At today’s press briefing, White House spokesman Trent Duffy was asked about a story in today’s New York Times, which reported that Bush’s warrantless domestic spying program could undermine key terrorism prosecutions:
Q The New York Times reports today that there are several legal challenges based on the NSA wiretaps. Are you concerned that these challenges could jeopardize the cases against people you guys have already described as very bad people?
MR. DUFFY: …[W]e decline to comment on any pending cases, but I don’t think it should serve as any surprise that defense attorneys are looking at ways to represent their clients; that’s what defense attorneys do.
Duffy’s right, criminal defense lawyers are looking for ways that their clients can avoid conviction. And Bush’s actions have given them an easy way to do it. The program violated federal criminal law — the Foreign Intelligence Surveillance Act. As a result, any information collected by the program is inadmissible in court. (This principle is called the exclusionary rule.) If that information is critical to the government’s case, a guilty terrorist might be found not guilty.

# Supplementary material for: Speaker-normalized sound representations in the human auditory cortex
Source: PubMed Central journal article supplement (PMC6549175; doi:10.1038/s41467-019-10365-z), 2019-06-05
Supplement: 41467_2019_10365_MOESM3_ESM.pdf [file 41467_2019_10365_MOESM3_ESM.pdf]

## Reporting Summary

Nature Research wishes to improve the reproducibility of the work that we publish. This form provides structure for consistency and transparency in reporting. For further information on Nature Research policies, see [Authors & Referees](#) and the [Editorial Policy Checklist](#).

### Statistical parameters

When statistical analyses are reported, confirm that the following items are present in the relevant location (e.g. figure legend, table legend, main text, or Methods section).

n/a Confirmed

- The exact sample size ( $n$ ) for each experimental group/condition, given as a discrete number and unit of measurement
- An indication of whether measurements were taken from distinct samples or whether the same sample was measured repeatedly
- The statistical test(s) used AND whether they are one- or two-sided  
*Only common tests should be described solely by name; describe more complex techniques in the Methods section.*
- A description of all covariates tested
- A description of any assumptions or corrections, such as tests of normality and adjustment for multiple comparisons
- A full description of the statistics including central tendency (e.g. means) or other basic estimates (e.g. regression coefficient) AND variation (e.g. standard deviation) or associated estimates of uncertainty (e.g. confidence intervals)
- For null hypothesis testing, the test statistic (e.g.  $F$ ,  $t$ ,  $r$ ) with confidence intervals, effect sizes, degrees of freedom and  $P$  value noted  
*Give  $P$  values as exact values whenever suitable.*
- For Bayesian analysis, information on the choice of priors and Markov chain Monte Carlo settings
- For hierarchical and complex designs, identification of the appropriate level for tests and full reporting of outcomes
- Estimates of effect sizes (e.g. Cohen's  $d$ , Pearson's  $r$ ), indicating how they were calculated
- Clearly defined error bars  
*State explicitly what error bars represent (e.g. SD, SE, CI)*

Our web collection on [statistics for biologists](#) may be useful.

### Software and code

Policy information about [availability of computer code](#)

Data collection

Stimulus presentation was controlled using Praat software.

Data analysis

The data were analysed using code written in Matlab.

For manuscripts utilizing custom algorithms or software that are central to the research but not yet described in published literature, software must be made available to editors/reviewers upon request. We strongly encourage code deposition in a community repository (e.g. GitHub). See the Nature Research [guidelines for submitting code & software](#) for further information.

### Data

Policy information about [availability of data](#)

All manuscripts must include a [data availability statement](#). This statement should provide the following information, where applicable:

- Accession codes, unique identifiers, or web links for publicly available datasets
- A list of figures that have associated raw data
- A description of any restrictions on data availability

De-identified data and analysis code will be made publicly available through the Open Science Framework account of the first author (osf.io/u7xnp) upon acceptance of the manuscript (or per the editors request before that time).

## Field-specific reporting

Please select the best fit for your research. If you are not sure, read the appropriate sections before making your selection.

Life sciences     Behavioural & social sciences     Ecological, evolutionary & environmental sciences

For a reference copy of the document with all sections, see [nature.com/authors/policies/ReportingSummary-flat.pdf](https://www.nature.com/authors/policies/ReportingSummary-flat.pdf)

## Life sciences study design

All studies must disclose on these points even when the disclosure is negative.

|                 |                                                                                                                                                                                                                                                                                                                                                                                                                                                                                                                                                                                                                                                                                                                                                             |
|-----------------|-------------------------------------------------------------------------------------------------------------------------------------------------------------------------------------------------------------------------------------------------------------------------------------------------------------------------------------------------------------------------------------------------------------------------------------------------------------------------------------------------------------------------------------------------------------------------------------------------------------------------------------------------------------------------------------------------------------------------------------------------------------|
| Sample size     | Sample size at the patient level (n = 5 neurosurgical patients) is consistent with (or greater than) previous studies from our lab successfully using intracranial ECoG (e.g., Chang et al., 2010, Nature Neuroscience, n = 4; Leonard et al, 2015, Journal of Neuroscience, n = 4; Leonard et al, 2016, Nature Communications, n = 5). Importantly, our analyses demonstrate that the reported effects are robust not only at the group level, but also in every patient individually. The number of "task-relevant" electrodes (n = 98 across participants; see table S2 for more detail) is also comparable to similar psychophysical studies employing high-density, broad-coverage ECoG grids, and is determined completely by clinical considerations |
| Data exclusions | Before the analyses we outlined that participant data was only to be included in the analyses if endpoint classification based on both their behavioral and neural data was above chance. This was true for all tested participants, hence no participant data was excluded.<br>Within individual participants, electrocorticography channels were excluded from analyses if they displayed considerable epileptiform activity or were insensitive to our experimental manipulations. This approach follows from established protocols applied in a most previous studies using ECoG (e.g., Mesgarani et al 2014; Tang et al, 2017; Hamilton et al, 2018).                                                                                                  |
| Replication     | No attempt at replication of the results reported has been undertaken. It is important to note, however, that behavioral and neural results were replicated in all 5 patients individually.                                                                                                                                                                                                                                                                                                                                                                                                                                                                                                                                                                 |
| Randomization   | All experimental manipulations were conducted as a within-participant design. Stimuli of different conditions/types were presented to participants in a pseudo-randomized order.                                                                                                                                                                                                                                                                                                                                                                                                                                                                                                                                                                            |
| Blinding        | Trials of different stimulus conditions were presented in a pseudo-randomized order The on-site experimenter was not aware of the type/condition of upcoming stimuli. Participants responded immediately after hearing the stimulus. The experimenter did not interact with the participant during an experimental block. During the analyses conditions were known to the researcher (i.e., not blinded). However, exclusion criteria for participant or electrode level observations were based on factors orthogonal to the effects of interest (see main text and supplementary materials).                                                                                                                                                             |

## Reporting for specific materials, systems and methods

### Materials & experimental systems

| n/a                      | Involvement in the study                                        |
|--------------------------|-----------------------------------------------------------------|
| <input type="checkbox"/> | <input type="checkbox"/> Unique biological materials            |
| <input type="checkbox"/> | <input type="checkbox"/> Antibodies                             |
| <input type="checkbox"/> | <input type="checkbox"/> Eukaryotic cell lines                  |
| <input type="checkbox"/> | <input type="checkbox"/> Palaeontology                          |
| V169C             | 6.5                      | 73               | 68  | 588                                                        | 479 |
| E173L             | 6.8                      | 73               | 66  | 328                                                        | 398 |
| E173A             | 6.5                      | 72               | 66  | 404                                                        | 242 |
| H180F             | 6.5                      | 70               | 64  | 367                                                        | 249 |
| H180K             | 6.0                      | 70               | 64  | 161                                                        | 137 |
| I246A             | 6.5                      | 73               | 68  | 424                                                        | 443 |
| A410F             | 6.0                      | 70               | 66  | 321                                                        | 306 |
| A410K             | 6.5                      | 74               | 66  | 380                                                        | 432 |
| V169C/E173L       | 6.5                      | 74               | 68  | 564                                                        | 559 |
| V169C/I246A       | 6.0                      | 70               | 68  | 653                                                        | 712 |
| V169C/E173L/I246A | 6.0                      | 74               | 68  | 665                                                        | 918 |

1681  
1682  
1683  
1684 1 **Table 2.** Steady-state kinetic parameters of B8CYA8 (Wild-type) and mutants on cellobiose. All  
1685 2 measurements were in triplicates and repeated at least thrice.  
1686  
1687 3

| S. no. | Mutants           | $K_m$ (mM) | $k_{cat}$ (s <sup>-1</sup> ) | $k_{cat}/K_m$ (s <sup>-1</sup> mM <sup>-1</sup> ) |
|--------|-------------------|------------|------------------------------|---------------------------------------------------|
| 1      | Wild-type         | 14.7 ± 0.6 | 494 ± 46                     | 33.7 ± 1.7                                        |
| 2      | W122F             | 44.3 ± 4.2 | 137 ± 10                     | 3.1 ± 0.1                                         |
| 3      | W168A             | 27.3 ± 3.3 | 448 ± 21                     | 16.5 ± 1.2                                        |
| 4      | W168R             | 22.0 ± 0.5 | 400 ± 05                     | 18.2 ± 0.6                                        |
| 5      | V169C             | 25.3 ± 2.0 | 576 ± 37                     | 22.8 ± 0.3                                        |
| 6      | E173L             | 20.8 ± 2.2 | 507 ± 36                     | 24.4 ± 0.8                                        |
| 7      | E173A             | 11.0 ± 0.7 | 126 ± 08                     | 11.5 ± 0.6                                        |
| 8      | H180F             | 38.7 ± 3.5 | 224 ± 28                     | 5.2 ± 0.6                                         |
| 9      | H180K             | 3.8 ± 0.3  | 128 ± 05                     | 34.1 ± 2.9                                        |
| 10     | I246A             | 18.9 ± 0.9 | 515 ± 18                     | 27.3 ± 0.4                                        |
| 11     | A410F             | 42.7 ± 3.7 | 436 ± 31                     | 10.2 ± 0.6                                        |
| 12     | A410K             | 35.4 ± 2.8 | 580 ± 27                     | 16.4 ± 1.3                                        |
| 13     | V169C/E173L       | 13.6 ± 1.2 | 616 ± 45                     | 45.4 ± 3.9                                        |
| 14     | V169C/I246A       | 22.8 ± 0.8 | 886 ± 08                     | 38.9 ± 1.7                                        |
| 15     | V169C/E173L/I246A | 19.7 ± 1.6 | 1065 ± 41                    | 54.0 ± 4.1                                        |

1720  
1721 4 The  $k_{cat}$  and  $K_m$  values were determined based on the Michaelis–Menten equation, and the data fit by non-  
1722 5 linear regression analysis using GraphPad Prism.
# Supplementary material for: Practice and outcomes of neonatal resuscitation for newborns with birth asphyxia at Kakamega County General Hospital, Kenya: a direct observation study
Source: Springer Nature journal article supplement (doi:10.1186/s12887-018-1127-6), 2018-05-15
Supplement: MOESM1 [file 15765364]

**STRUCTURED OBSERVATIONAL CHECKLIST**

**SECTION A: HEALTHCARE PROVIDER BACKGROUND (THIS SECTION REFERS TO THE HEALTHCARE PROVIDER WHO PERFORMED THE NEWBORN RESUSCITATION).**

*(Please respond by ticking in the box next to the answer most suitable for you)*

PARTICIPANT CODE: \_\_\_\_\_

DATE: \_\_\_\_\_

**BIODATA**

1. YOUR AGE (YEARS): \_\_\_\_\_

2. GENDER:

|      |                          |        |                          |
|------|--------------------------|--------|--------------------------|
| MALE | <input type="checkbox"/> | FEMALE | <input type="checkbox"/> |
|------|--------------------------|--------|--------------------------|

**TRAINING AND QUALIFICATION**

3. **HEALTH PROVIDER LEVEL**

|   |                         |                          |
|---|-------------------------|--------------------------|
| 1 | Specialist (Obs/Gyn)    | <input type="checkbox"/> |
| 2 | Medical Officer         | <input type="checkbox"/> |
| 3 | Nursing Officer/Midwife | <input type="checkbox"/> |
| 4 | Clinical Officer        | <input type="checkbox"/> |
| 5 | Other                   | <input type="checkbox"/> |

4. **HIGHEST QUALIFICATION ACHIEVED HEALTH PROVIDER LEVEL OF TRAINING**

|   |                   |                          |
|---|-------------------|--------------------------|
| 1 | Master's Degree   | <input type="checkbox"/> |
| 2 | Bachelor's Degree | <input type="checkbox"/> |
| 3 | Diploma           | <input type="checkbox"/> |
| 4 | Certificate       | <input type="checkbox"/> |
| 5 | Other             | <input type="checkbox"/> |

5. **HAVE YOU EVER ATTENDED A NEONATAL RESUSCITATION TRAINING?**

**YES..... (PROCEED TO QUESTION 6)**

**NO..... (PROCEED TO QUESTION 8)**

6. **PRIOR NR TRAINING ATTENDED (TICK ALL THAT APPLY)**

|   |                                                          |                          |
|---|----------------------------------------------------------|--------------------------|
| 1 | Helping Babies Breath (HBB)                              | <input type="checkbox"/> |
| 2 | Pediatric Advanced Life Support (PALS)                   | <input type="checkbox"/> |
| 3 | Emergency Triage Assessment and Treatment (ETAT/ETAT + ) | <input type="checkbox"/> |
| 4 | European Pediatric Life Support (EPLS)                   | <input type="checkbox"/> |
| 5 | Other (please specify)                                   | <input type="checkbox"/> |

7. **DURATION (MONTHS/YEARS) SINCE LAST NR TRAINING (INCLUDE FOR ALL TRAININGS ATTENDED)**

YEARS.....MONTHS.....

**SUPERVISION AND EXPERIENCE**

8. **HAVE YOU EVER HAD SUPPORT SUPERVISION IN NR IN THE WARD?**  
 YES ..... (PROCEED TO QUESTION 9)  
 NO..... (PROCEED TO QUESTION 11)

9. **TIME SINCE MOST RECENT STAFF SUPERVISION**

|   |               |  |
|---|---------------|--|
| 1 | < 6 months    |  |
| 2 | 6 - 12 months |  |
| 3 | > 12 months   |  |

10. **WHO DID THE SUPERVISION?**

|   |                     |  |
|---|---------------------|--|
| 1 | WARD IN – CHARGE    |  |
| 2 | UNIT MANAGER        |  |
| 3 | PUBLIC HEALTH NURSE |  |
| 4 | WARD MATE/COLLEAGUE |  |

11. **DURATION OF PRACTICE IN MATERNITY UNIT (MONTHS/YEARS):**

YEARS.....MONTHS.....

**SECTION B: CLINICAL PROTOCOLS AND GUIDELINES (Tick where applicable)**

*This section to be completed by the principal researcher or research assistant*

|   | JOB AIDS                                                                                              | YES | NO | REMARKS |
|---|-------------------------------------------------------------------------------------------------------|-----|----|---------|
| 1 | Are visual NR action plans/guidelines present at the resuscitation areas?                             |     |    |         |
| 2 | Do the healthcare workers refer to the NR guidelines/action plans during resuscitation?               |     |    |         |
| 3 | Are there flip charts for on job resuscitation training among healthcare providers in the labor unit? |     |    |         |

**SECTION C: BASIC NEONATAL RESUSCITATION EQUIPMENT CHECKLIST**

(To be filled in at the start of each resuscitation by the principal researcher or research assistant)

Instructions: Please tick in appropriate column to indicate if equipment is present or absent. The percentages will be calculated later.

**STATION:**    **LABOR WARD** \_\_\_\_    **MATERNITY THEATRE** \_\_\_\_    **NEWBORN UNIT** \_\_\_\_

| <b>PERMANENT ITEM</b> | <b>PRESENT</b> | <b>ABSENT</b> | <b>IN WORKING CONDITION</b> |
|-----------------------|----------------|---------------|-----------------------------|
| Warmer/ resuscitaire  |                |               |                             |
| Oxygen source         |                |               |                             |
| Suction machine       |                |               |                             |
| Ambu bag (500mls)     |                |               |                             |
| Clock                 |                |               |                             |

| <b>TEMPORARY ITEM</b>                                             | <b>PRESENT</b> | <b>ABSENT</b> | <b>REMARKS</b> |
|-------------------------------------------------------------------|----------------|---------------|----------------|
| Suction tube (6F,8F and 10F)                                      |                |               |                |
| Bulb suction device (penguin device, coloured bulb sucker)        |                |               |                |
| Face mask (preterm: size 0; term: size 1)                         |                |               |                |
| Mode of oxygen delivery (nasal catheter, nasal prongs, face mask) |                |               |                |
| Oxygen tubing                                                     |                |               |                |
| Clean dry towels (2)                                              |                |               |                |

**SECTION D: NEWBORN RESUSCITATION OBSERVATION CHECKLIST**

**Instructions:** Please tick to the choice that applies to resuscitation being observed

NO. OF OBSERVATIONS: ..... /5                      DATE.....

What’s worse, if what the administration says is true, none of this was necessary. If all of the surveillance targeted people associated with al Qaeda, as the administration claims, it would have been easily approved by the FISA court. That process would not have delayed the surveillance since a warrant can be obtained up to 72 hours after the surveillance starts.
The Bush administration says the program is justified because it made us safer. The opposite appears to be true. The program has made us less safe by needlessly complicating the prosecution of terrorist suspects.